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Horse Transportation...
Tips For Getting Your Horse Into A Trailer-
 If your horse is very frightened to even go near the trailer, do familiar actions and routines beside the trailer. For example, you can heed the horse in large circles near the trailer because the circle is a familiar shape and you always want to be directing the horse what to do.

When you are reintroducing trailers as good things, you don't want the horse to be afraid to escape. So if he wants to escape, you let him. Stop at the point where he begins to hesitate and acts like he wants to escape. Let him investigate the trailer. Make sure you reinforce your trust and friendship with your horse.
Groom him, scratch him, talk nice and don't apply any loud pressures. Do this over and over until the scary spot gets closer and closer to the trailer.
More on Transporting Horses...
Many horses adapt well to hauling, while others undergo significant stress.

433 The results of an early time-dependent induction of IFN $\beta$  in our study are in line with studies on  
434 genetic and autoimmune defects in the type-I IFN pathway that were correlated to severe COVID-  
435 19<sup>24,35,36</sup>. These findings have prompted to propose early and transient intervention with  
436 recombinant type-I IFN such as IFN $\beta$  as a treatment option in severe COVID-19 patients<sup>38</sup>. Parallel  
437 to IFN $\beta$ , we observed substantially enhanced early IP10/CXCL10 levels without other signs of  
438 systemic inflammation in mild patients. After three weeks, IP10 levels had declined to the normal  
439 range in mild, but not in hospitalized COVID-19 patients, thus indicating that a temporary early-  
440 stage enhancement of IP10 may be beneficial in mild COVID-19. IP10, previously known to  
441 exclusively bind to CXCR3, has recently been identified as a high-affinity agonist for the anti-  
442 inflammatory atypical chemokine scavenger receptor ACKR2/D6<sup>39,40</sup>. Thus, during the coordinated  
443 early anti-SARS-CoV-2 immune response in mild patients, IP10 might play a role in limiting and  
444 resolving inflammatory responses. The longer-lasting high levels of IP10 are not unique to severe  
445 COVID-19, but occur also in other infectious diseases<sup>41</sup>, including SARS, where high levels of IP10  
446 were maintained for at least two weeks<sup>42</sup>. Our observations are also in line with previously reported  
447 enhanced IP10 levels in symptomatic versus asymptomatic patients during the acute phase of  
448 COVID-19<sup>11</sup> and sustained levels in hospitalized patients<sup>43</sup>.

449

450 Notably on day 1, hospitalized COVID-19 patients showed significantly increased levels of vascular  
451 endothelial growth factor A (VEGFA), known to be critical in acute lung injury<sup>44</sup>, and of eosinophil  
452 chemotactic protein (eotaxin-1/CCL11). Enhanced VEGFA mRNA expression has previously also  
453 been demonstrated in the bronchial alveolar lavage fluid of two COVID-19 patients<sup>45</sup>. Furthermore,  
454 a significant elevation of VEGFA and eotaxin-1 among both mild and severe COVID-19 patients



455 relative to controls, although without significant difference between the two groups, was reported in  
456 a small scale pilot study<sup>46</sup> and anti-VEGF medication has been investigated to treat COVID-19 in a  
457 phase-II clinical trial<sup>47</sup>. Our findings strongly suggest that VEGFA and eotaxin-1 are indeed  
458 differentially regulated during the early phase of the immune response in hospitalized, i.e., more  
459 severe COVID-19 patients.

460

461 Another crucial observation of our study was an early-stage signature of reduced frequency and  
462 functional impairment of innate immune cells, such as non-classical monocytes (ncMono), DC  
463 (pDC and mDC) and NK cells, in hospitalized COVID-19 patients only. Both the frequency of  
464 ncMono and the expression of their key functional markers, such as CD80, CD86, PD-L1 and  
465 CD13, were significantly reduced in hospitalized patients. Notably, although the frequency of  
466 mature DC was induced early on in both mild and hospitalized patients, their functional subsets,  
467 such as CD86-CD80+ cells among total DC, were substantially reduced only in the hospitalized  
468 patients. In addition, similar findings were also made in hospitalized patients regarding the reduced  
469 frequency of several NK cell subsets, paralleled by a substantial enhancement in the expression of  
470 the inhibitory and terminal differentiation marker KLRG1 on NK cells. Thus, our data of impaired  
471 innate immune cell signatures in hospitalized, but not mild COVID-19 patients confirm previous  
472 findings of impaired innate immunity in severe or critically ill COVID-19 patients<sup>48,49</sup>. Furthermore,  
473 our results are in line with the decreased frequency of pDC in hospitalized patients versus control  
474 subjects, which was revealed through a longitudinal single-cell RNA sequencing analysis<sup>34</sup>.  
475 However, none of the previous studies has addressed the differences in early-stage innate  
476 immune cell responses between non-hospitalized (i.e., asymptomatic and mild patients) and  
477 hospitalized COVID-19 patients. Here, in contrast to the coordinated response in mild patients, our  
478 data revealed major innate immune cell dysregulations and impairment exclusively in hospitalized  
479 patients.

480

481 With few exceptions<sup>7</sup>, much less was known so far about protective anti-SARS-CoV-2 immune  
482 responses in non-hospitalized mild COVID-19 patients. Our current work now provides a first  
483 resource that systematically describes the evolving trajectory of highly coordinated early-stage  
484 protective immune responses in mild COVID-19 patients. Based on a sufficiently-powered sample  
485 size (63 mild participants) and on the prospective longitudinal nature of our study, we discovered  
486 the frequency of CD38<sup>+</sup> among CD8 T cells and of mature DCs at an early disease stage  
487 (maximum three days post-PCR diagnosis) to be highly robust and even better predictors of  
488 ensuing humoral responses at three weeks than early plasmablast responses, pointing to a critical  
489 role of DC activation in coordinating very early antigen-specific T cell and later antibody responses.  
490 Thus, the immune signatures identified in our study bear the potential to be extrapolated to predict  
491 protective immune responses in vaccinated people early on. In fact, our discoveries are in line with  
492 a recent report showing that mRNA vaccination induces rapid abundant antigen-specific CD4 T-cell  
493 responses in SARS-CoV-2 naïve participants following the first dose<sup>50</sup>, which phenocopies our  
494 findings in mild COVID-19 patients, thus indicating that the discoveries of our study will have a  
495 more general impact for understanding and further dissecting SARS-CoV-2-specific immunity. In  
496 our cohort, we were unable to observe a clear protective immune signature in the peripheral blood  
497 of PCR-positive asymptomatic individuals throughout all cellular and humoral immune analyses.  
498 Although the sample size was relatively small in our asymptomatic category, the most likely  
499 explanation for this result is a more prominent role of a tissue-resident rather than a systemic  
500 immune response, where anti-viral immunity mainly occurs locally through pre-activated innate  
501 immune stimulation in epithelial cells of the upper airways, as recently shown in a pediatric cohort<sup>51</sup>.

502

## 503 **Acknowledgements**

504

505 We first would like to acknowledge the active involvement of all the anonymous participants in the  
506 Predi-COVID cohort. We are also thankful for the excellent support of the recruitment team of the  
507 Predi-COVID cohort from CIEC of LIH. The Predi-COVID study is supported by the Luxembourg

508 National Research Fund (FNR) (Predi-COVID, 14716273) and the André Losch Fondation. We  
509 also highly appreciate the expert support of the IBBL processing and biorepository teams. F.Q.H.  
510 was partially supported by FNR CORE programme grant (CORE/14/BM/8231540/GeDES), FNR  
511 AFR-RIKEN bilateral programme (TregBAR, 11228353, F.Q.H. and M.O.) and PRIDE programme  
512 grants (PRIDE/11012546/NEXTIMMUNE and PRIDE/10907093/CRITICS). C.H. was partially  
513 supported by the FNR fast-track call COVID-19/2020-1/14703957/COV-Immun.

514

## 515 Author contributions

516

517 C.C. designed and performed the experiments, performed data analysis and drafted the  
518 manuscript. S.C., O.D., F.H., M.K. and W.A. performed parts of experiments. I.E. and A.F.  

Researchers at U.C. Davis  have looked at the stresses involved in hauling and determined there are physical, psychological, and climatic factors involved.

Physical factors include withholding food and water as well as noise and road conditions.

Psychological factors include separation from other horses and exposure to new environments.

Climatic factors include temperature and humidity.  Horses stressed by transport were found to be more susceptible to diseases including pneumonia, colic, founder, and diarrhea.

To determine the effects of long distance transport, horses were hauled in a commercial equine van for 24 hours.  The horses lost 6% of their body weight, possibly due to heat dissipation, sweat loss, and decreased consumption of food.  Some dehydration occurred but was corrected within 12 hours after transport without treatment.  Some muscle fatigue was also found.  Stress was found to increase the concentration of cortisol in the blood, which decreases the immune system.

The researchers made several recommendations regarding the transport of horses.  A horse with a respiratory disease should not be hauled except in an emergency.  Horses should not be cross tied for long trips, but should be allowed to lower their head to decrease the chance of respiratory disease.  Horses hauled long distances should be provided with feed and water.  Unfortunately, horses may not drink and this can increase the chance of dehydration and impaction colic.  Since pneumonia is common after transport, horses should be monitored closely for depression and lack of appetite.